The blistering conditions came early and didn’t even spare non-hotspots
Even as parts of India were complaining of a prolonged winter, other regions started feeling the heat as early as March this year. By the first week of June, the country underwent 73 spells of heatwave, 11 of them severe.
in many of the 22 states and Union territories that have underwent at least one spell of heatwave since March 1, there have been casualties. In Bihar alone, more than 200 have died.
Seven of these states are not part of the core heatwave zone. In some, like Jammu & Kashmir, heatwaves were almost unheard of.
The disaster began early
In early March, when northern India was still recovering from cold wave conditions, Kerala was scalded. The IMD waited until the late March to call it a heatwave, by when the situation was already severe.
Yet it was unprecedented as temperatures did not cross the mandatory 40 degrees Celsius. The Thiruvananthapuram IMD office made an exception looking at people’s discomfort due to high temperatures combined with humidity.
Tamil Nadu and Andhra Pradesh also suffered from early heatwaves (from March 7). The scorching sun was no kinder to Gujarat that suffered from a spell on March 21 that lasted three days.
The IMD recorded major heatwave spells in six states between March 28 and April 3.
India’s principal weather agency declares a heat wave when the mercury is above normal by 4.5°C to 6.4°C and a severe heat wave when the gap crosses 6.4°C.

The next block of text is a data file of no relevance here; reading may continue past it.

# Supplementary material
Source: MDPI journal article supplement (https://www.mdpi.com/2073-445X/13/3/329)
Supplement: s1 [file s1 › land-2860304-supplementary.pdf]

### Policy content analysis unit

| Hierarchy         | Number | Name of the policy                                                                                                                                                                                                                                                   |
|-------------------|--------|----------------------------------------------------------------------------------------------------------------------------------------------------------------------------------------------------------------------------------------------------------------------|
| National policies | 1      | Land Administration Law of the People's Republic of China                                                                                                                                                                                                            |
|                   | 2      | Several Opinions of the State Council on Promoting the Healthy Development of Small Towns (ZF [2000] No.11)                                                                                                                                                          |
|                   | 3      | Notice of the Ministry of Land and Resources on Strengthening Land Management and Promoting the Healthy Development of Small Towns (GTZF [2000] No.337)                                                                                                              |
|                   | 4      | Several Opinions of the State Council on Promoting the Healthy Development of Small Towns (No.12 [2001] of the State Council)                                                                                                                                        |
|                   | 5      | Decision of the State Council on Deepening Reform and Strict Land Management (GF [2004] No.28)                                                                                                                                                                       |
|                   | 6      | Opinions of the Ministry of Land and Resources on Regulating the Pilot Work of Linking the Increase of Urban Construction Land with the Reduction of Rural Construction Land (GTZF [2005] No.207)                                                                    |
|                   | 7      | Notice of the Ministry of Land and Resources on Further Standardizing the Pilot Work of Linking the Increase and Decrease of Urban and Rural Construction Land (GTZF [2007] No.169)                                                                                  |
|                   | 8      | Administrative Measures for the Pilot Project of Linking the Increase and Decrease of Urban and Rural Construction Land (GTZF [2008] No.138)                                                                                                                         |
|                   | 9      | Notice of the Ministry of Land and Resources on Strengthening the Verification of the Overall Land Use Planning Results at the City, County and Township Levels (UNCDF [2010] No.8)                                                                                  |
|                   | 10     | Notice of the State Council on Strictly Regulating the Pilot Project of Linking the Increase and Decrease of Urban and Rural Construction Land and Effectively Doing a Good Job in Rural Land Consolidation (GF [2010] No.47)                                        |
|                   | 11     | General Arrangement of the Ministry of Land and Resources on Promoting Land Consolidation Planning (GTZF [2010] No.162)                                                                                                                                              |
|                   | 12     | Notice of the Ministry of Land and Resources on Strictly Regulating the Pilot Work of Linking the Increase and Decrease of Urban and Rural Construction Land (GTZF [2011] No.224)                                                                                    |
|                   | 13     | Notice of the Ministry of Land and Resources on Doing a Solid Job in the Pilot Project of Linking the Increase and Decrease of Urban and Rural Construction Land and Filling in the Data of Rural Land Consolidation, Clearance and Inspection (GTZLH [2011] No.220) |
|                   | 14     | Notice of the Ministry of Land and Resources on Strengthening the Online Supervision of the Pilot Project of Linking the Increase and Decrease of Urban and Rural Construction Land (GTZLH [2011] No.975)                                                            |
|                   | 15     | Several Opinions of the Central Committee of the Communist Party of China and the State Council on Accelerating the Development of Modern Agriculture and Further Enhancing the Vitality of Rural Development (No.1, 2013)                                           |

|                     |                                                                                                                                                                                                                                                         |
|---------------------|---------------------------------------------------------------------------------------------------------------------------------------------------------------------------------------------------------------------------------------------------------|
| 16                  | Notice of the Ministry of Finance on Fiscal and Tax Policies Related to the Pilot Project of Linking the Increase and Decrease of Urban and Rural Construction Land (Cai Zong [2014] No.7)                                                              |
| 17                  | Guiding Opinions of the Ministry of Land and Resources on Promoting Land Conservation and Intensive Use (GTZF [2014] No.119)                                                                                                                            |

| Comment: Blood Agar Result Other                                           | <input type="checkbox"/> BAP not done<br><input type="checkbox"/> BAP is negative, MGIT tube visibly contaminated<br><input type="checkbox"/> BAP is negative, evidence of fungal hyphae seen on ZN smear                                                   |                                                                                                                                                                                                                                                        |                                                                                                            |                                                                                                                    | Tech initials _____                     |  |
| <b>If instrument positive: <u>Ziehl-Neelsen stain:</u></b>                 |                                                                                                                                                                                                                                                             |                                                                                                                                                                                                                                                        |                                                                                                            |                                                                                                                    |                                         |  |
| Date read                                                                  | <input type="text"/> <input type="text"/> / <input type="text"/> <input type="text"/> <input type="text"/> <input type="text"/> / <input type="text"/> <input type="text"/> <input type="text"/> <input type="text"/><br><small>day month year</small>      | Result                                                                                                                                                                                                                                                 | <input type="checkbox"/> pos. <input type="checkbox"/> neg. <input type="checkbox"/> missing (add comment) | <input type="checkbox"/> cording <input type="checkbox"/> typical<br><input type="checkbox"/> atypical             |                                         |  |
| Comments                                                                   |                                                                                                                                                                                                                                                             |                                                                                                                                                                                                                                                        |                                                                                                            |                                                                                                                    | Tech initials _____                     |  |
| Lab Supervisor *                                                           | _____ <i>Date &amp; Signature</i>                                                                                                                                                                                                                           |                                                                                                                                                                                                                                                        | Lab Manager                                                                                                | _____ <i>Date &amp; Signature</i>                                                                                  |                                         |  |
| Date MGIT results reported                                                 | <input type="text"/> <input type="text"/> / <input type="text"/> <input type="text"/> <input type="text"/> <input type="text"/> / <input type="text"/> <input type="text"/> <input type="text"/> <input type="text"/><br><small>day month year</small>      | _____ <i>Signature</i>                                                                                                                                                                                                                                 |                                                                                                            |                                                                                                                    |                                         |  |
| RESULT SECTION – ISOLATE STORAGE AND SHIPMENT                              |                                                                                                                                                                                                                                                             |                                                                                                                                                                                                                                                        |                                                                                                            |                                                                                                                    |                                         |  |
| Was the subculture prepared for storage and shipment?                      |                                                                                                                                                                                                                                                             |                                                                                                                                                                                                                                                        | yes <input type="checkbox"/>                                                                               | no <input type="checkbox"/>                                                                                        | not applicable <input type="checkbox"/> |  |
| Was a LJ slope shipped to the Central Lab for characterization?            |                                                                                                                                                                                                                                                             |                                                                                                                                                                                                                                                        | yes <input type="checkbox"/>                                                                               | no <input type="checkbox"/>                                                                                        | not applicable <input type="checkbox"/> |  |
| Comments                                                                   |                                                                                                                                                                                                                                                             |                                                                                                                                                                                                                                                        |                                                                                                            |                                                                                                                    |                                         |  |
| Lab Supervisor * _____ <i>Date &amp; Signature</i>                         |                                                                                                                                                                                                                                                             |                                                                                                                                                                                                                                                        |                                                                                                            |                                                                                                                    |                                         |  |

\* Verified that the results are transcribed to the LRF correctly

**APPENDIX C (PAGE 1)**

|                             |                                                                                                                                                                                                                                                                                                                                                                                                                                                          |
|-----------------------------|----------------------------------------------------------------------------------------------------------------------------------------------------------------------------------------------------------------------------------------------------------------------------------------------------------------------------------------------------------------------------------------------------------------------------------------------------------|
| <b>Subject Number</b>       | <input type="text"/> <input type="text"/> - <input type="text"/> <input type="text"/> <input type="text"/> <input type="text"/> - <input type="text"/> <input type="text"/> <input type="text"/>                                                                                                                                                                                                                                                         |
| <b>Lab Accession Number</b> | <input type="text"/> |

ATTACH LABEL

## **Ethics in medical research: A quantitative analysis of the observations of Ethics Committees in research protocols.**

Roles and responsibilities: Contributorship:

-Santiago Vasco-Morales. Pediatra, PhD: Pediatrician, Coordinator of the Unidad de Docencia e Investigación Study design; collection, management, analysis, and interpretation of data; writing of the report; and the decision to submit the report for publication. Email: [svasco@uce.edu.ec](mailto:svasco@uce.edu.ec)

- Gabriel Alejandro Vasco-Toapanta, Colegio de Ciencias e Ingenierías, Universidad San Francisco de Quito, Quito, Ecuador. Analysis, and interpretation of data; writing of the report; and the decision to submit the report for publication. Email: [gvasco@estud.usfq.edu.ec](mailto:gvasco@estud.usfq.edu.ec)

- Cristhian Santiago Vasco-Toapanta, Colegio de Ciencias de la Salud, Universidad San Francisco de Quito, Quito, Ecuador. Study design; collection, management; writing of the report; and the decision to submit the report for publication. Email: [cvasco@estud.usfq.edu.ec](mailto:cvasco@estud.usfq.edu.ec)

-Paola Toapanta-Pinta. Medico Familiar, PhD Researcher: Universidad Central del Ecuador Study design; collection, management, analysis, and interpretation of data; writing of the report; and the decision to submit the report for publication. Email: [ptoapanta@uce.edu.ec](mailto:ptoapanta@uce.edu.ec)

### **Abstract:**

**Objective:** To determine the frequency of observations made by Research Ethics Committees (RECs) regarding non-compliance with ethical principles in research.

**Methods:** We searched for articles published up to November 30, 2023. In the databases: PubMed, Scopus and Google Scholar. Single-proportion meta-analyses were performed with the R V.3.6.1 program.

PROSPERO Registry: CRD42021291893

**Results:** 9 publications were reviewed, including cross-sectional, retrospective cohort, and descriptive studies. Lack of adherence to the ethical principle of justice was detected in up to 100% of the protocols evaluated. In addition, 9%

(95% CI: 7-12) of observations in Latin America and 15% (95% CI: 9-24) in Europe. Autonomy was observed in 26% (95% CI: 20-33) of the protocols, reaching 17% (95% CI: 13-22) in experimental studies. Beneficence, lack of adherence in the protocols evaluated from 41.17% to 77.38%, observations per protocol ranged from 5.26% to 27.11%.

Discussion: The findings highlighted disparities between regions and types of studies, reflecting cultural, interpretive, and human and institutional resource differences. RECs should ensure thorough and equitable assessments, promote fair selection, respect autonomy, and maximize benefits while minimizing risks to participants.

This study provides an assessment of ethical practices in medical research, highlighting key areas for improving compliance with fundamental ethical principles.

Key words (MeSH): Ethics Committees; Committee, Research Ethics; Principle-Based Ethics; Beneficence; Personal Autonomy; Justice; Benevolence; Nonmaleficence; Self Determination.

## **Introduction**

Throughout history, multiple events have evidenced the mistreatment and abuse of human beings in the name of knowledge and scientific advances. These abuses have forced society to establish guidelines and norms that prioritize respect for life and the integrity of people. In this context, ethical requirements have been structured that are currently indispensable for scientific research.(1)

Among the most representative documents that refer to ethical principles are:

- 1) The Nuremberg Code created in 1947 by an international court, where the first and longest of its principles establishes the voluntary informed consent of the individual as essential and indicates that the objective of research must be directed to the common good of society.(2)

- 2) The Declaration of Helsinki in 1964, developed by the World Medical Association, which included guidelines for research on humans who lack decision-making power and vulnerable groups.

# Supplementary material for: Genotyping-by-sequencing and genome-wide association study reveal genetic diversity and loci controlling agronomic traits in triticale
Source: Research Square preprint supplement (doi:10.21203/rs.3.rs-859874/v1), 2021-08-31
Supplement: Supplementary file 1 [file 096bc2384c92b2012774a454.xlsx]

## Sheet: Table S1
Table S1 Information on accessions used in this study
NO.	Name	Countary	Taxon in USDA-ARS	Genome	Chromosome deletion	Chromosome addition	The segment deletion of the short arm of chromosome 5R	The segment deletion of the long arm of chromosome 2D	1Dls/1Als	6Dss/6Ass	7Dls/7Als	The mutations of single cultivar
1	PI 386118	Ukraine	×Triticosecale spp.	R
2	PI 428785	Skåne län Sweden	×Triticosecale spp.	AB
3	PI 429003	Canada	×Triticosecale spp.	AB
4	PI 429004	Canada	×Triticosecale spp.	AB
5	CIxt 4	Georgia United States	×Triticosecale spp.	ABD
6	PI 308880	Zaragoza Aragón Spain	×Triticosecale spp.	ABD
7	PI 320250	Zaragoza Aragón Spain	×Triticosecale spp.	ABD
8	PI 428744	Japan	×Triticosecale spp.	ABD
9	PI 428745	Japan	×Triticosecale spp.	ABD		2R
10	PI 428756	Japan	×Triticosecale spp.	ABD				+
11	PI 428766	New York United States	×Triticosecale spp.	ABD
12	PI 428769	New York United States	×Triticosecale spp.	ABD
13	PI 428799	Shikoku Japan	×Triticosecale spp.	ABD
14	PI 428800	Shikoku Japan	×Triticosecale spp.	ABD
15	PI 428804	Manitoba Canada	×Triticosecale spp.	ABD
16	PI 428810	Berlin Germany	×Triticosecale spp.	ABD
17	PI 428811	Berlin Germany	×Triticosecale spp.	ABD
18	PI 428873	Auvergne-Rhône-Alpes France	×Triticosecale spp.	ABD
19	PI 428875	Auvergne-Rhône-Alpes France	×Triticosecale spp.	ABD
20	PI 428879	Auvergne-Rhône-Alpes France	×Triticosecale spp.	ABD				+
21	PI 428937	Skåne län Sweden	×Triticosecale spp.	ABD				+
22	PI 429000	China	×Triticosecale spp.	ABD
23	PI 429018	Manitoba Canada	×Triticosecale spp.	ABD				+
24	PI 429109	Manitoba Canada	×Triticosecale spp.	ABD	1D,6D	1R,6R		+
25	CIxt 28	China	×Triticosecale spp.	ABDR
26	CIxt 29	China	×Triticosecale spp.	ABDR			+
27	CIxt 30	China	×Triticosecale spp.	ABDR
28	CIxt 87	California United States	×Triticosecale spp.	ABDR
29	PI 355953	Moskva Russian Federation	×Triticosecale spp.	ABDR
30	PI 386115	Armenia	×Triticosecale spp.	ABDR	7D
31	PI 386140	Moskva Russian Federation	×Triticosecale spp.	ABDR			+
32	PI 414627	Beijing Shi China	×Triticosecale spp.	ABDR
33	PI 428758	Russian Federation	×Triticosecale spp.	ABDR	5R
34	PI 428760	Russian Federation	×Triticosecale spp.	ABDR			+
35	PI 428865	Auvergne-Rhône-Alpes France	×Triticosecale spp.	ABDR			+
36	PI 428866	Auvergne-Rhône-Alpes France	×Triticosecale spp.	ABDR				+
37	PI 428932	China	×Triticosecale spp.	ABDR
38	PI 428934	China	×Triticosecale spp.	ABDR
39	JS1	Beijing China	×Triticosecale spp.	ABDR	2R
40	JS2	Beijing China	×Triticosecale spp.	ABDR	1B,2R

Who was punished the most?
The sun was the most brutal to Maharashtra, where people reeled under heatwave conditions for 42 days between March 28 and June 5, 2019. Of these, the heatwave was severe on six days.
Next in line were Madhya Pradesh and Rajasthan with 24 and 18 days of heatwave, respectively. On non-heatwave days too the mercury didn’t stay under normal.
Humidity compounded the problem in coastal states like Odisha and Andhra Pradesh and even in non-coastal Bihar. High relative humidity increases the felt temperature, causing more perspiration and increasing discomfort.
And it’s killer
After hundreds of deaths, district magistrates of five Bihar districts, including the worst-hit Gaya, invoked Section 144 of the Criminal Penal Code to ban public activities during daytime.
Generally, the section is imposed as a precautionary measure against possible violence. And, this is the first time state authorities have considered a weather-related disaster to be a law-and-order problem. The heat also led to restrictions on school timings in Andhra and Telangana.
People suffering from heat stroke, heat anxiety and other symptoms related to the rising temperature are being admitted in large numbers in different government hospitals since the past few days, said Vijay Kumar, additional health director of Bihar’s Magadh range.
Hospitals across the country have noticed an increased inflow of patients due to the soaring mercury. Madhya Pradesh’s Khargone district hospital treated around 200 patients of severe dysentery and diarrhoea between March 1 and June 5. On average, 300 people reached the hospital daily with heat-related complaints.
“This time the heat wave continued for a longer period and so we saw an increase in the number of patients. Owing to excessive heat, people are losing their control as complaints of irritation and anger are also on the rise in hospitals’ out-patient departments,” said Ramesh Neema, in-charge chief medical and health officer, Khargone district.
But all this could have been worse as heatwave had killed more than 2,000 people in Andhra Pradesh and Telangana alone in 2016.
“We only had people suffering from of gastroenteritis who experienced dehydration due to vomiting and loose motions. If proper precautions are taken heat strokes can be easily avoided,” said IV Ramachandra Rao, head, department of medicine, SVRR Government General Hospital in Tirupati.
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